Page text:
[52-53] Of the territory thus ceded to the Crown, an area of not less than 32,000 square miles is situated within the boundaries of the Province of Ontario; and, with respect to that area, a controversy has arisen between the Dominion and Ontario, each of them maintaining that the legal effect of extinguishing the Indian title has been to transmit to itself the entire beneficial interest of the lands, as now vested in the Crown, freed from encumbrance of any kind, save the qualified privilege of hunting and fishing mentioned in the treaty….Although the present case relates exclusively to the right of the Government of Canada to dispose of the timber in question to the appellant company, yet its decision necessarily involves the determination of the larger question between that government and the province of Ontario with respect to the legal consequences of the treaty of 1873.
 Whilst there have been changes in the administrative authority, there has been no change since the year 1763 in the character of the interest which its Indian inhabitants had in the lands surrendered by the treaty.
 It appears to them [their Lordships] to be sufficient for the purposes of this case that there has been all along vested in the Crown a substantial and paramount estate, underlying the Indian title, which became a plenum dominium whenever that title was surrendered or otherwise extinguished.
 The Crown has all along had a present proprietary estate in the land, upon which the Indian title was a mere burden. The ceded territory was at the time of the union, land vested in the Crown, subject to “an interest other than that of the Province in the same,” within the meaning of sect. 109; and must now belong to Ontario in terms of that clause,…
 The fact that the power of legislating for Indians, and for lands which are reserved for their use, has been entrusted to the Parliament of the Dominion is not in the least degree inconsistent with the right of the Provinces to a beneficial interest in these lands, available to them as a source of revenue whenever the estate of the Crown is disencumbered of the Indian title.
 By the treaty of 1873 the Indian inhabitants ceded and released the territory in dispute, in order that it might be opened up for settlement, immigration, and such other purpose as to Her Majesty might seem fit, “to the Government of the Dominion of Canada,” for the Queen and Her successors forever…. The treaty leaves the Indians no right whatever to the timber growing upon the lands which they gave up, which is now fully vested in the Crown, all revenues derivable from the sale of such portions of it as are situate within the boundaries of Ontario being the property of that Province.
7. The status of statehood is implicit in the designation by the proclamation of “Nations or Tribes of Indians.”
The Cherokees are a State. They have been uniformly treated as a State since the settlement of our country. The numerous treaties made with them by the United States recognize them as a people capable of maintaining the relations of peace and war; of being responsible in their political character for any violation of their engagements, or for any aggression committed on the citizens of the United States by any individual of their community. Laws have been enacted in the spirit of these treaties. The acts of our Government plainly recognize the Cherokee Nation as a State, and the Courts are bound by those acts.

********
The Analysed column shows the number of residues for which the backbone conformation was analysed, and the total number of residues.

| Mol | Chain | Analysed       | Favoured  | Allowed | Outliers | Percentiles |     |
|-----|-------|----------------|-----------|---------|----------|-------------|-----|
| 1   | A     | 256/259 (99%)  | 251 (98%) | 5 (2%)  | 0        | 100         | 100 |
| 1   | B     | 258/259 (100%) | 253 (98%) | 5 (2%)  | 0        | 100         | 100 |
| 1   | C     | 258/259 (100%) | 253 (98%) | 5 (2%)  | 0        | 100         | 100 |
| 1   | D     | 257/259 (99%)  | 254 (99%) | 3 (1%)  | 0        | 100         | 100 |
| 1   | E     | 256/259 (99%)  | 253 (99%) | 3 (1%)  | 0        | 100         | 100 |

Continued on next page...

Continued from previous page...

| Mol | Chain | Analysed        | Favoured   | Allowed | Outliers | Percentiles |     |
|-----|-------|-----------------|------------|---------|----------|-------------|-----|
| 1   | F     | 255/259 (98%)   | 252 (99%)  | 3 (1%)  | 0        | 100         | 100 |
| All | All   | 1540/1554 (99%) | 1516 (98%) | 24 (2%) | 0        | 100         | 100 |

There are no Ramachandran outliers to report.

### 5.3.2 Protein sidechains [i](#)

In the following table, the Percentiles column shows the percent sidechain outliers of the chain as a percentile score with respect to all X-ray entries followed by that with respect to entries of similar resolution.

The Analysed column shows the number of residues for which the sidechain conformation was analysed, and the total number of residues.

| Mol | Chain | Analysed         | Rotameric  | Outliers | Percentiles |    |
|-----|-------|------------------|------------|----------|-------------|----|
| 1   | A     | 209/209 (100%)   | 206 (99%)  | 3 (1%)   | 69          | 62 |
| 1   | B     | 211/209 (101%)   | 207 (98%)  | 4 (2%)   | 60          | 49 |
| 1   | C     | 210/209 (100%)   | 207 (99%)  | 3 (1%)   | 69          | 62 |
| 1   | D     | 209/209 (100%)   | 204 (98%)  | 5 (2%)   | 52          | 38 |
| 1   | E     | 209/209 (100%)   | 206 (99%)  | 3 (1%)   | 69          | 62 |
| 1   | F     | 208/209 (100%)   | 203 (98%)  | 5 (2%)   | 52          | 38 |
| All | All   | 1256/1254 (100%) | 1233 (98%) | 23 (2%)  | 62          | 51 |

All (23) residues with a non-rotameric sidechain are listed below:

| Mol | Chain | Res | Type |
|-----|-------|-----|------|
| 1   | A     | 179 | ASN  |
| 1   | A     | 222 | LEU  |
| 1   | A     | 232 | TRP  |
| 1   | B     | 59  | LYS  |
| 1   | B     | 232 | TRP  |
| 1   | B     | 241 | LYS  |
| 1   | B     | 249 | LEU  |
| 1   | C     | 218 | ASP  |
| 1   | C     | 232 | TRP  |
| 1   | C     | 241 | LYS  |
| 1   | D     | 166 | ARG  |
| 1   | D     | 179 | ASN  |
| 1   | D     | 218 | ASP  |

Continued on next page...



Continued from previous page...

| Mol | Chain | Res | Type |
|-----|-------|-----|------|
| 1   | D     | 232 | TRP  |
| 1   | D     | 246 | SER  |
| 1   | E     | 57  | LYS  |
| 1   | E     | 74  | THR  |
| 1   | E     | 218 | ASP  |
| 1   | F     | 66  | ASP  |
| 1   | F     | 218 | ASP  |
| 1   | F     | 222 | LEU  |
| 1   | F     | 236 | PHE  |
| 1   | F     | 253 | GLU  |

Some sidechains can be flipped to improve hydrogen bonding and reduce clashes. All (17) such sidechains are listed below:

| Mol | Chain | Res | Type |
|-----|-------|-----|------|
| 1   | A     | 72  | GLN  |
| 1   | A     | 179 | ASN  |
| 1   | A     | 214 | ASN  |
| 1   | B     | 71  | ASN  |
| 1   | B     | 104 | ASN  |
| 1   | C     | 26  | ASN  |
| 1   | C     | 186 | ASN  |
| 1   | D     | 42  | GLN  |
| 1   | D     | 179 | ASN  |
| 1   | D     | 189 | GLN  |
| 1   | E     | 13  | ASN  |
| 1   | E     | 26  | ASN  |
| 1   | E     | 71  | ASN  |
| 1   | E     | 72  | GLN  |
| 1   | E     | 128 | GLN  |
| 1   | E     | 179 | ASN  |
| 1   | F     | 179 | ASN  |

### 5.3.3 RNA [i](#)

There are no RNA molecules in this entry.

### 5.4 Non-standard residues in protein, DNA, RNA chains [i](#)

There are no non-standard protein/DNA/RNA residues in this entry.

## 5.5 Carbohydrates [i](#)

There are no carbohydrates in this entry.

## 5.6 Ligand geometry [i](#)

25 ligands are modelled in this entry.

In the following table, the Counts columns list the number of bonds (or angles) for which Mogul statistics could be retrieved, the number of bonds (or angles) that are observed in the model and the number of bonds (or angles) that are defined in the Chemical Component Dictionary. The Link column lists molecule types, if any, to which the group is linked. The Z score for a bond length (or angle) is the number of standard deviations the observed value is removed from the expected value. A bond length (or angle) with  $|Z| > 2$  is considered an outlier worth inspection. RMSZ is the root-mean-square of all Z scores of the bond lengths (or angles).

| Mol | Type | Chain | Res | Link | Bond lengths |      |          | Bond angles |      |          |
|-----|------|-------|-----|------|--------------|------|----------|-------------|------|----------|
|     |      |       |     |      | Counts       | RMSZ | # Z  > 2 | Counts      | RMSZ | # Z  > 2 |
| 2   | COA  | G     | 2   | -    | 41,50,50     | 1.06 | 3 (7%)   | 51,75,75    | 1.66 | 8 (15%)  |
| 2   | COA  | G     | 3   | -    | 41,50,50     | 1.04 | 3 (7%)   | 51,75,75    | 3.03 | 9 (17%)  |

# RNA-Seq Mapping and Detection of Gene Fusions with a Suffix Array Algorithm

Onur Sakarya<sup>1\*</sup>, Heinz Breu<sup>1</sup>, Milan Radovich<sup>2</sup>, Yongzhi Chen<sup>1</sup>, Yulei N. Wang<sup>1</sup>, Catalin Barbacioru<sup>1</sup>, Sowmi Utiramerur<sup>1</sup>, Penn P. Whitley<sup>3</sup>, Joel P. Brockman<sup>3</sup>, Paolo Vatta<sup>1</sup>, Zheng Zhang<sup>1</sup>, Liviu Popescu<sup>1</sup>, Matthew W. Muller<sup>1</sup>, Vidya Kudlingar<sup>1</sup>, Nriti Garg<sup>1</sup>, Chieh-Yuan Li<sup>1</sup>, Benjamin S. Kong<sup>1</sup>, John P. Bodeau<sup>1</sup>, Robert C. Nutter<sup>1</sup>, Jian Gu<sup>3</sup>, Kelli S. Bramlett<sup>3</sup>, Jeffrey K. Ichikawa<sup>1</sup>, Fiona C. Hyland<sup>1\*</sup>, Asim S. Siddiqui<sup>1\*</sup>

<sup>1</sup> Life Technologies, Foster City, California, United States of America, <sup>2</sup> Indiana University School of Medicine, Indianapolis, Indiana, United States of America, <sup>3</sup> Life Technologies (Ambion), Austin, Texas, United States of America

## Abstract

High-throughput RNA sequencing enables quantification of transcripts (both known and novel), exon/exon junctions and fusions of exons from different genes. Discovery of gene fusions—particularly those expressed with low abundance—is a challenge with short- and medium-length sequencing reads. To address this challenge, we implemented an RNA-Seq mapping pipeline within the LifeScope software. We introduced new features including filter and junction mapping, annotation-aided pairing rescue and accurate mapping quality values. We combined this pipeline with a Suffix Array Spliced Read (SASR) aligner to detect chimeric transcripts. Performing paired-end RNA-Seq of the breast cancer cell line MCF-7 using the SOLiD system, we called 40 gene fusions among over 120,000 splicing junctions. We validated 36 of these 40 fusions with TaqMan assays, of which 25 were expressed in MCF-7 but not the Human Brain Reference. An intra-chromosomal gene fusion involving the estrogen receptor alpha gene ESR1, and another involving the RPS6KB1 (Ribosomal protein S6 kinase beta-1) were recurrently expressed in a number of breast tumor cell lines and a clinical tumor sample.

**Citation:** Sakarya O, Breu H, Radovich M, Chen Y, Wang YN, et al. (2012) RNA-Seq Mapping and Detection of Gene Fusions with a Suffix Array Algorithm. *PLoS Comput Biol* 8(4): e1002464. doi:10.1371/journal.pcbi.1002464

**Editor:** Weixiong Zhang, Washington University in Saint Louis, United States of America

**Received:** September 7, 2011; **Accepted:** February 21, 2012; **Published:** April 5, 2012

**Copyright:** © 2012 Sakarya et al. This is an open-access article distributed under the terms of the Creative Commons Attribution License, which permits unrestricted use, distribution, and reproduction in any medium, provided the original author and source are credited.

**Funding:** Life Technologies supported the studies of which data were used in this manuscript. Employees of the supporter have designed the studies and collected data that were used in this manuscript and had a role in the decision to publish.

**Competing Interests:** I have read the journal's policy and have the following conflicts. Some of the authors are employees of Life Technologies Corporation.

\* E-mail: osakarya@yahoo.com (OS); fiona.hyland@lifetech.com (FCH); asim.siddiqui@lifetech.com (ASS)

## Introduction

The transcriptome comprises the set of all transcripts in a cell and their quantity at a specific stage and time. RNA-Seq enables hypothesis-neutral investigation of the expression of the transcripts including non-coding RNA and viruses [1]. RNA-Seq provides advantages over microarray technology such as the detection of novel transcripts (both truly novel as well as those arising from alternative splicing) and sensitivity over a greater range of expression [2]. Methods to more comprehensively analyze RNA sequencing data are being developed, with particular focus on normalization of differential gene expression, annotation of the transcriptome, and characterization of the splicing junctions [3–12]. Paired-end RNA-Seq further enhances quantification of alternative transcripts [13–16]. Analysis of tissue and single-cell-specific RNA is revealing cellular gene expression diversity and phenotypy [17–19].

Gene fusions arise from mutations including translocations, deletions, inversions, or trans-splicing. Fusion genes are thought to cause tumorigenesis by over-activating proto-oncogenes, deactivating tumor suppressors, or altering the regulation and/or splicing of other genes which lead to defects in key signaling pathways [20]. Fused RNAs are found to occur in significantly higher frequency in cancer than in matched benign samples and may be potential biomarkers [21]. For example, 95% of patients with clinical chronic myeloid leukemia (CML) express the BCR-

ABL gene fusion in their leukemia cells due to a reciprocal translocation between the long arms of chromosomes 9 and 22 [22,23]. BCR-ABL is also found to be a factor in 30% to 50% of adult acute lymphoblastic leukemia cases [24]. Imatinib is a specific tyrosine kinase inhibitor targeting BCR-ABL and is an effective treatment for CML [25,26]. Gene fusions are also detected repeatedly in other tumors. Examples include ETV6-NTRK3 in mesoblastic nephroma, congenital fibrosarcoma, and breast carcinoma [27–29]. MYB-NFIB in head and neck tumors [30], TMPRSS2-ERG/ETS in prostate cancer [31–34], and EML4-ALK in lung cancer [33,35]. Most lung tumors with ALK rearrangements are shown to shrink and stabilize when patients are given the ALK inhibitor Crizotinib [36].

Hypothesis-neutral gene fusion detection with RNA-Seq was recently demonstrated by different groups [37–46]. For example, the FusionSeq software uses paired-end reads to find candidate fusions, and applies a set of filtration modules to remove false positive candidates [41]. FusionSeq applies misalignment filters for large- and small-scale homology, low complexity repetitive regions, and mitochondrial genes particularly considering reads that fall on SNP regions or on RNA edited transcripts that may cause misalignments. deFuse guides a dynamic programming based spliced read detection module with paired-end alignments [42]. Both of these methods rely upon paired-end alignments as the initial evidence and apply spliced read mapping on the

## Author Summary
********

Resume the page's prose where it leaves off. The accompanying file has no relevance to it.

8. John Burke, Osborn’s Concise Law Dictionary, 6th ed., Sweet & Maxwell, London, 1976, defined sovereignty in the unitary state of the United Kingdom:
Sovereignty. The supreme authority in an independent political society. It is essential indivisible and illimitable (Austin). However, it is now considered both divisible and limitable. Sovereignty is limited externally by the possibility of a general resistance. Internal sovereignty is paramount power over all action within, and is limited by the nature of the power itself. In the British Constitution the Sovereign de jure is the Queen or Crown. The legislative sovereign is the Queen in Parliament, which can make or unmake any law whatever. The legal sovereign is the Queen and the Judiciary. The executive sovereign is the Queen and her Ministers. The de facto or political sovereign is the electorate; the Ministry resign on a defeat at a general election.
9. Indigenous internal sovereignty is unique relative to Canada in virtue of its doctrine of discovery, its royal proclamation and the St. Catherine’s precedent.
10. The sovereign Indigenous power of veto in Canada over land development, then, consists in the right to say ‘no’ to the making of a treaty surrendering their beneficial interest (actual possession and exclusive use) in all land “not ceded to or purchased by Us” within the meaning of the Royal Proclamation of 1763. The indigenous peoples are entitled to veto developments by vetoing the applications for their consent to the use of the land without which development can not take place. Development is settlement and the proclamation orders settlers off land not proven by the Crown or its third-party grantees to be ceded.